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Date:	Thu, 22 May 2014 20:53:13 +0100
From:	Mel Gorman <mgorman@...e.de>
To:	Andrew Morton <akpm@...ux-foundation.org>
Cc:	Peter Zijlstra <peterz@...radead.org>,
	Oleg Nesterov <oleg@...hat.com>,
	Johannes Weiner <hannes@...xchg.org>,
	Vlastimil Babka <vbabka@...e.cz>, Jan Kara <jack@...e.cz>,
	Michal Hocko <mhocko@...e.cz>, Hugh Dickins <hughd@...gle.com>,
	Dave Hansen <dave.hansen@...el.com>,
	Linux Kernel <linux-kernel@...r.kernel.org>,
	Linux-MM <linux-mm@...ck.org>,
	Linux-FSDevel <linux-fsdevel@...r.kernel.org>,
	Paul McKenney <paulmck@...ux.vnet.ibm.com>,
	Linus Torvalds <torvalds@...ux-foundation.org>,
	David Howells <dhowells@...hat.com>
Subject: Re: [PATCH] mm: filemap: Avoid unnecessary barries and waitqueue
 lookups in unlock_page fastpath v5

On Thu, May 22, 2014 at 10:47:22AM -0700, Andrew Morton wrote:
> On Thu, 22 May 2014 09:46:43 +0100 Mel Gorman <mgorman@...e.de> wrote:
> 
> > > > If I'm still on track here, what happens if we switch to wake-all so we
> > > > can avoid the dangling flag?  I doubt if there are many collisions on
> > > > that hash table?
> > > 
> > > Wake-all will be ugly and loose a herd of waiters, all racing to
> > > acquire, all but one of whoem will loose the race. It also looses the
> > > fairness, its currently a FIFO queue. Wake-all will allow starvation.
> > >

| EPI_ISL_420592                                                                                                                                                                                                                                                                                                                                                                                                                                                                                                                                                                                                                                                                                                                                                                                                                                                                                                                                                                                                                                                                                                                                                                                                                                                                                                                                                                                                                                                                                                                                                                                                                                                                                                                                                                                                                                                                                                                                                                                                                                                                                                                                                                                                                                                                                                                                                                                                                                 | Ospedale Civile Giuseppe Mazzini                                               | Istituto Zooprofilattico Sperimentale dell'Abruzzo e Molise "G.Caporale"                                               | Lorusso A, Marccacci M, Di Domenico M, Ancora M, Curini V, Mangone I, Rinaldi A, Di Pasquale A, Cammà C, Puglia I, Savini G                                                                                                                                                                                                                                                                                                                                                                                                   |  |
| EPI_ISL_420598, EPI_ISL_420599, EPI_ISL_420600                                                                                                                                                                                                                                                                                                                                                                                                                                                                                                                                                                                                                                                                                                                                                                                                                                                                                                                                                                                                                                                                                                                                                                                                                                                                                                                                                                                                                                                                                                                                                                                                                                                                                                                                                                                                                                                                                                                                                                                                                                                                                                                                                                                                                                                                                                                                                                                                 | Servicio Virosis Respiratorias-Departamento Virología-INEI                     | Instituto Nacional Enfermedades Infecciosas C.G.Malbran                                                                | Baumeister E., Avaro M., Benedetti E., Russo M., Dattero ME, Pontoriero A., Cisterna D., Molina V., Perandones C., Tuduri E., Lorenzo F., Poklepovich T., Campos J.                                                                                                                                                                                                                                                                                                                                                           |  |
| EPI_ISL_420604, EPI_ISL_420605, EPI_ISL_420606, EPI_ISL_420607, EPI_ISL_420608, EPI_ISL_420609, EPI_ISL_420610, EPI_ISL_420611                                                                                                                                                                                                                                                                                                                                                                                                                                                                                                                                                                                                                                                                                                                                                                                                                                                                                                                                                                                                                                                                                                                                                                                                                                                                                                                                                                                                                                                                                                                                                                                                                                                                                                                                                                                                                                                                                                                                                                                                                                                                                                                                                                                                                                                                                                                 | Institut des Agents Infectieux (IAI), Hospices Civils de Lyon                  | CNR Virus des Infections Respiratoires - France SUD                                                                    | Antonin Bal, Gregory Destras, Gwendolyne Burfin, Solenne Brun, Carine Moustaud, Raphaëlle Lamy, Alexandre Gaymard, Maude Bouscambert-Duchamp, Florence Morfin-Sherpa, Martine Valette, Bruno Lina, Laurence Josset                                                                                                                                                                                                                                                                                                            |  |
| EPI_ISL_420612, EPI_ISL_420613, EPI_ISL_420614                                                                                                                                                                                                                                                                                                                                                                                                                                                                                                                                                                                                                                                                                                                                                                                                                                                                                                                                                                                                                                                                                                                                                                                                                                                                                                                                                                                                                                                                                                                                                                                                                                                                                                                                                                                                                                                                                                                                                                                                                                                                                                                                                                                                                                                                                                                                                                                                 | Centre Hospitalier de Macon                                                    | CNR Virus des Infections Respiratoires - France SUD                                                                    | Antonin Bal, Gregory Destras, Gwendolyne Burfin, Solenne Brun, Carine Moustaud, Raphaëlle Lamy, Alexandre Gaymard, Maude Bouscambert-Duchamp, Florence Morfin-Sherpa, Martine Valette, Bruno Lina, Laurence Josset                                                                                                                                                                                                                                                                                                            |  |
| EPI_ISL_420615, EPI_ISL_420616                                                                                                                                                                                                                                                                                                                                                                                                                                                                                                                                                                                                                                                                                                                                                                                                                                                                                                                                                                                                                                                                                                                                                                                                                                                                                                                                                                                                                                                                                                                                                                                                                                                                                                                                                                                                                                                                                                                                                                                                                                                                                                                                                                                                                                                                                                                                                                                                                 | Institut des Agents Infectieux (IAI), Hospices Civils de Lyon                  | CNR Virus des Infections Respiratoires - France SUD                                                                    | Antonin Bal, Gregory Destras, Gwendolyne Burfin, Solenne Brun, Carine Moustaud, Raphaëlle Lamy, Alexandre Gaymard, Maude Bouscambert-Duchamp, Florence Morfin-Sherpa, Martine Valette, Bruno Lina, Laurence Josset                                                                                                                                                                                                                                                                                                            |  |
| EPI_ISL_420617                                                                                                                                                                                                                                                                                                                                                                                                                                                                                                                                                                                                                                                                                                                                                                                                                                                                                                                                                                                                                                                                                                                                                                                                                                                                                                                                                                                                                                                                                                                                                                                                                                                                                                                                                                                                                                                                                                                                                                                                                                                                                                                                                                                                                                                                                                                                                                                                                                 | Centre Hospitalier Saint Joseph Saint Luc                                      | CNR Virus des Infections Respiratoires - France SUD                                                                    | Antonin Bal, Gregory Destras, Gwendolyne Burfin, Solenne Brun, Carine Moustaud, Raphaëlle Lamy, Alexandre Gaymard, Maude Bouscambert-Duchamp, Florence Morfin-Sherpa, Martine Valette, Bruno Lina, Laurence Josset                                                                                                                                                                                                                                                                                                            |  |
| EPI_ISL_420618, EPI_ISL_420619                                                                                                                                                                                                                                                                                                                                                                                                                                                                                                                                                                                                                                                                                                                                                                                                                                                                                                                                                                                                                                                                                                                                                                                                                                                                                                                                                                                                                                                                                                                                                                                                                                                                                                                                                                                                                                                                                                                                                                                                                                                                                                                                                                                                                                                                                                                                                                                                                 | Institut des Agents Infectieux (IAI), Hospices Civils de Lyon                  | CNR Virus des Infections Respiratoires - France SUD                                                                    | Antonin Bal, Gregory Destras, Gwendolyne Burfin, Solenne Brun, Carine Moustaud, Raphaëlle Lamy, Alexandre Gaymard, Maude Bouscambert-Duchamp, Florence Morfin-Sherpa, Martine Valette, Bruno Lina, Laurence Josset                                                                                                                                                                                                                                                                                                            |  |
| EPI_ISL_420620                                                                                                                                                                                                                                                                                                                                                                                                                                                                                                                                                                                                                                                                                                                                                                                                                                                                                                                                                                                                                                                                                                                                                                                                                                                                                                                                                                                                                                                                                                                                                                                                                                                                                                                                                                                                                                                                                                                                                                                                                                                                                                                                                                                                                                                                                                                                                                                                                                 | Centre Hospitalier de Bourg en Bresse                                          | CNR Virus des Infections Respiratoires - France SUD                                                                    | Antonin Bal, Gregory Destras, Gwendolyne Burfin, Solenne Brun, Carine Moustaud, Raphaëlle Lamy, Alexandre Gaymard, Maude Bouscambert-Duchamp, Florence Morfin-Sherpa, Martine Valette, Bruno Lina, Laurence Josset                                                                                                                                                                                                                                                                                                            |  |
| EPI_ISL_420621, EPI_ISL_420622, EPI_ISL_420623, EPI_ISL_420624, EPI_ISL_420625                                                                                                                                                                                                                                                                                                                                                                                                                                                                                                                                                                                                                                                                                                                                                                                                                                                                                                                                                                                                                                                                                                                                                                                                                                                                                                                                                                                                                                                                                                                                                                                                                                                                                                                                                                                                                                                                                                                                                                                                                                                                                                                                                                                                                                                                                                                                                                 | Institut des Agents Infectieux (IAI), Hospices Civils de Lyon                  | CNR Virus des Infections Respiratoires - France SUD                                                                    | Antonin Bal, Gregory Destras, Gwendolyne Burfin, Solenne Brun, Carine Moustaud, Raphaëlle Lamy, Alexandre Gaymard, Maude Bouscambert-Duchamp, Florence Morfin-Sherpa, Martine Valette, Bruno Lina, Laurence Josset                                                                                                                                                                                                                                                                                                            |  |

> > 
> > And the cost of the thundering herd of waiters may offset any benefit of
> > reducing the number of calls to page_waitqueue and waker functions.
> 
> Well, none of this has been demonstrated.
> 

True, but it's also the type of thing that would deserve a patch of its
own with some separation in case bisection fingerpoints to a patch that
is doing too much on its own.

> As I speculated earlier, hash chain collisions will probably be rare,

They are meant to be (well, they're documented to be). It's the primary
reason why I'm not concerned about "dangling waiters" being that common
a case.

> except for the case where a bunch of processes are waiting on the same
> page.  And in this case, perhaps wake-all is the desired behavior.
> 
> Take a look at do_read_cache_page().  It does lock_page(), but it
> doesn't actually *need* to.  It checks ->mapping and PG_uptodate and
> then...  unlocks the page!  We could have used wait_on_page_locked()
> there and permitted concurrent threads to run concurrently.
> 

It does that later when it calls wait_on_page_read but the flow is weird. It
looks like the first lock_page was to serialise against any IO and double
check it was not racing against a parallel reclaim although the elevated
reference count should have prevented that. Historical artifact maybe?
It looks like there could be some improvement there but also would deserve
a patch on its own.

-- 
Mel Gorman
SUSE Labs
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